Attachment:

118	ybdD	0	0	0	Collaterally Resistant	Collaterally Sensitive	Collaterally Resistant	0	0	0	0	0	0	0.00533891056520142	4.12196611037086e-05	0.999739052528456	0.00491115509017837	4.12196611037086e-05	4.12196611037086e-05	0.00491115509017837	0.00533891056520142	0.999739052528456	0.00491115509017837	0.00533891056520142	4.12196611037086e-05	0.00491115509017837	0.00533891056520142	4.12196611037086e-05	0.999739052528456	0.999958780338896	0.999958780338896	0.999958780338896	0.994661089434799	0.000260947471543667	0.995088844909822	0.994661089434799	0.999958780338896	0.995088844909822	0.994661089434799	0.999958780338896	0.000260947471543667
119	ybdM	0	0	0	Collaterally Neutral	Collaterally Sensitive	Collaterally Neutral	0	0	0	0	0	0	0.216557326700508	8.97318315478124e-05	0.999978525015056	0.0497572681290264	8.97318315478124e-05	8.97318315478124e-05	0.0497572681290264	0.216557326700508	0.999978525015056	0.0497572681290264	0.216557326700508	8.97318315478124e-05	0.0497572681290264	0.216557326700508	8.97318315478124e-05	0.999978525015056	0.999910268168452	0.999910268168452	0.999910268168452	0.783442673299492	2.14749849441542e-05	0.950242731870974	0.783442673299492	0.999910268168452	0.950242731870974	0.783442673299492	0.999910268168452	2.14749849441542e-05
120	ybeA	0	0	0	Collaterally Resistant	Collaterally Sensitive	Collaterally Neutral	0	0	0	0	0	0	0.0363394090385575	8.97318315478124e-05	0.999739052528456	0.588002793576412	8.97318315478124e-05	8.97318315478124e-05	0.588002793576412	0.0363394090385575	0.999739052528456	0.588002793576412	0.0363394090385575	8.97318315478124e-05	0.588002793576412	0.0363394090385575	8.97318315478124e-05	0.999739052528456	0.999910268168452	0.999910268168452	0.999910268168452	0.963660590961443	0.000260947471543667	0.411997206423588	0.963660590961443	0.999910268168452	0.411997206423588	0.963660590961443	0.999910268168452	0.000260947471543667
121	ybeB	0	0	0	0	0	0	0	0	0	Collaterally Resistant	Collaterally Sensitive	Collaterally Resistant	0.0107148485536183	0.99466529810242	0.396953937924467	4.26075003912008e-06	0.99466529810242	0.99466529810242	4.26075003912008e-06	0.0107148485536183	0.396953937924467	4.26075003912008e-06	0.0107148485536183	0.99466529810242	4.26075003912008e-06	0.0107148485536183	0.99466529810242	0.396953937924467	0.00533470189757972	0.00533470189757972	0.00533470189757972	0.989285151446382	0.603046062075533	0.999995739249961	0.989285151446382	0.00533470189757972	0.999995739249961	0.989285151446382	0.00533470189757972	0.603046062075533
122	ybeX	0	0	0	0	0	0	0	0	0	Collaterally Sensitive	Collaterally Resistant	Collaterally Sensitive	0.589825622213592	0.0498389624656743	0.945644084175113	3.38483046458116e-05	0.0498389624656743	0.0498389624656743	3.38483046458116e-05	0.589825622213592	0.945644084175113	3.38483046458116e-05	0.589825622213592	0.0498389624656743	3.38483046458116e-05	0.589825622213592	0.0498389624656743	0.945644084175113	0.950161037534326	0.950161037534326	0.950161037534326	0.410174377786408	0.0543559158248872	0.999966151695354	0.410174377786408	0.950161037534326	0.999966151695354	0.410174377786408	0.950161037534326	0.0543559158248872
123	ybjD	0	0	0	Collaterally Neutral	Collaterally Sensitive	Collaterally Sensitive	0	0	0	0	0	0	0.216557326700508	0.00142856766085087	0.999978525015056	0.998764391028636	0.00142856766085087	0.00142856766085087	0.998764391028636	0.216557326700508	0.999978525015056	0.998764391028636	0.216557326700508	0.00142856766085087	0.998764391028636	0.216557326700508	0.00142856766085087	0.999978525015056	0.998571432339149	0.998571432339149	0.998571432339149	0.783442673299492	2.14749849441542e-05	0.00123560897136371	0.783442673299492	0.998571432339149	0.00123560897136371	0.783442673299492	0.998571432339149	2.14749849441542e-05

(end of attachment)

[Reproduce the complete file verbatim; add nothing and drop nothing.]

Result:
118	ybdD	0	0	0	Collaterally Resistant	Collaterally Sensitive	Collaterally Resistant	0	0	0	0	0	0	0.00533891056520142	4.12196611037086e-05	0.999739052528456	0.00491115509017837	4.12196611037086e-05	4.12196611037086e-05	0.00491115509017837	0.00533891056520142	0.999739052528456	0.00491115509017837	0.00533891056520142	4.12196611037086e-05	0.00491115509017837	0.00533891056520142	4.12196611037086e-05	0.999739052528456	0.999958780338896	0.999958780338896	0.999958780338896	0.994661089434799	0.000260947471543667	0.995088844909822	0.994661089434799	0.999958780338896	0.995088844909822	0.994661089434799	0.999958780338896	0.000260947471543667
119	ybdM	0	0	0	Collaterally Neutral	Collaterally Sensitive	Collaterally Neutral	0	0	0	0	0	0	0.216557326700508	8.97318315478124e-05	0.999978525015056	0.0497572681290264	8.97318315478124e-05	8.97318315478124e-05	0.0497572681290264	0.216557326700508	0.999978525015056	0.0497572681290264	0.216557326700508	8.97318315478124e-05	0.0497572681290264	0.216557326700508	8.97318315478124e-05	0.999978525015056	0.999910268168452	0.999910268168452	0.999910268168452	0.783442673299492	2.14749849441542e-05	0.950242731870974	0.783442673299492	0.999910268168452	0.950242731870974	0.783442673299492	0.999910268168452	2.14749849441542e-05
120	ybeA	0	0	0	Collaterally Resistant	Collaterally Sensitive	Collaterally Neutral	0	0	0	0	0	0	0.0363394090385575	8.97318315478124e-05	0.999739052528456	0.588002793576412	8.97318315478124e-05	8.97318315478124e-05	0.588002793576412	0.0363394090385575	0.999739052528456	0.588002793576412	0.0363394090385575	8.97318315478124e-05	0.588002793576412	0.0363394090385575	8.97318315478124e-05	0.999739052528456	0.999910268168452	0.999910268168452	0.999910268168452	0.963660590961443	0.000260947471543667	0.411997206423588	0.963660590961443	0.999910268168452	0.411997206423588	0.963660590961443	0.999910268168452	0.000260947471543667
121	ybeB	0	0	0	0	0	0	0	0	0	Collaterally Resistant	Collaterally Sensitive	Collaterally Resistant	0.0107148485536183	0.99466529810242	0.396953937924467	4.26075003912008e-06	0.99466529810242	0.99466529810242	4.26075003912008e-06	0.0107148485536183	0.396953937924467	4.26075003912008e-06	0.0107148485536183	0.99466529810242	4.26075003912008e-06	0.0107148485536183	0.99466529810242	0.396953937924467	0.00533470189757972	0.00533470189757972	0.00533470189757972	0.989285151446382	0.603046062075533	0.999995739249961	0.989285151446382	0.00533470189757972	0.999995739249961	0.989285151446382	0.00533470189757972	0.603046062075533
122	ybeX	0	0	0	0	0	0	0	0	0	Collaterally Sensitive	Collaterally Resistant	Collaterally Sensitive	0.589825622213592	0.0498389624656743	0.945644084175113	3.38483046458116e-05	0.0498389624656743	0.0498389624656743	3.38483046458116e-05	0.589825622213592	0.945644084175113	3.38483046458116e-05	0.589825622213592	0.0498389624656743	3.38483046458116e-05	0.589825622213592	0.0498389624656743	0.945644084175113	0.950161037534326	0.950161037534326	0.950161037534326	0.410174377786408	0.0543559158248872	0.999966151695354	0.410174377786408	0.950161037534326	0.999966151695354	0.410174377786408	0.950161037534326	0.0543559158248872
123	ybjD	0	0	0	Collaterally Neutral	Collaterally Sensitive	Collaterally Sensitive	0	0	0	0	0	0	0.216557326700508	0.00142856766085087	0.999978525015056	0.998764391028636	0.00142856766085087	0.00142856766085087	0.998764391028636	0.216557326700508	0.999978525015056	0.998764391028636	0.216557326700508	0.00142856766085087	0.998764391028636	0.216557326700508	0.00142856766085087	0.999978525015056	0.998571432339149	0.998571432339149	0.998571432339149	0.783442673299492	2.14749849441542e-05	0.00123560897136371	0.783442673299492	0.998571432339149	0.00123560897136371	0.783442673299492	0.998571432339149	2.14749849441542e-05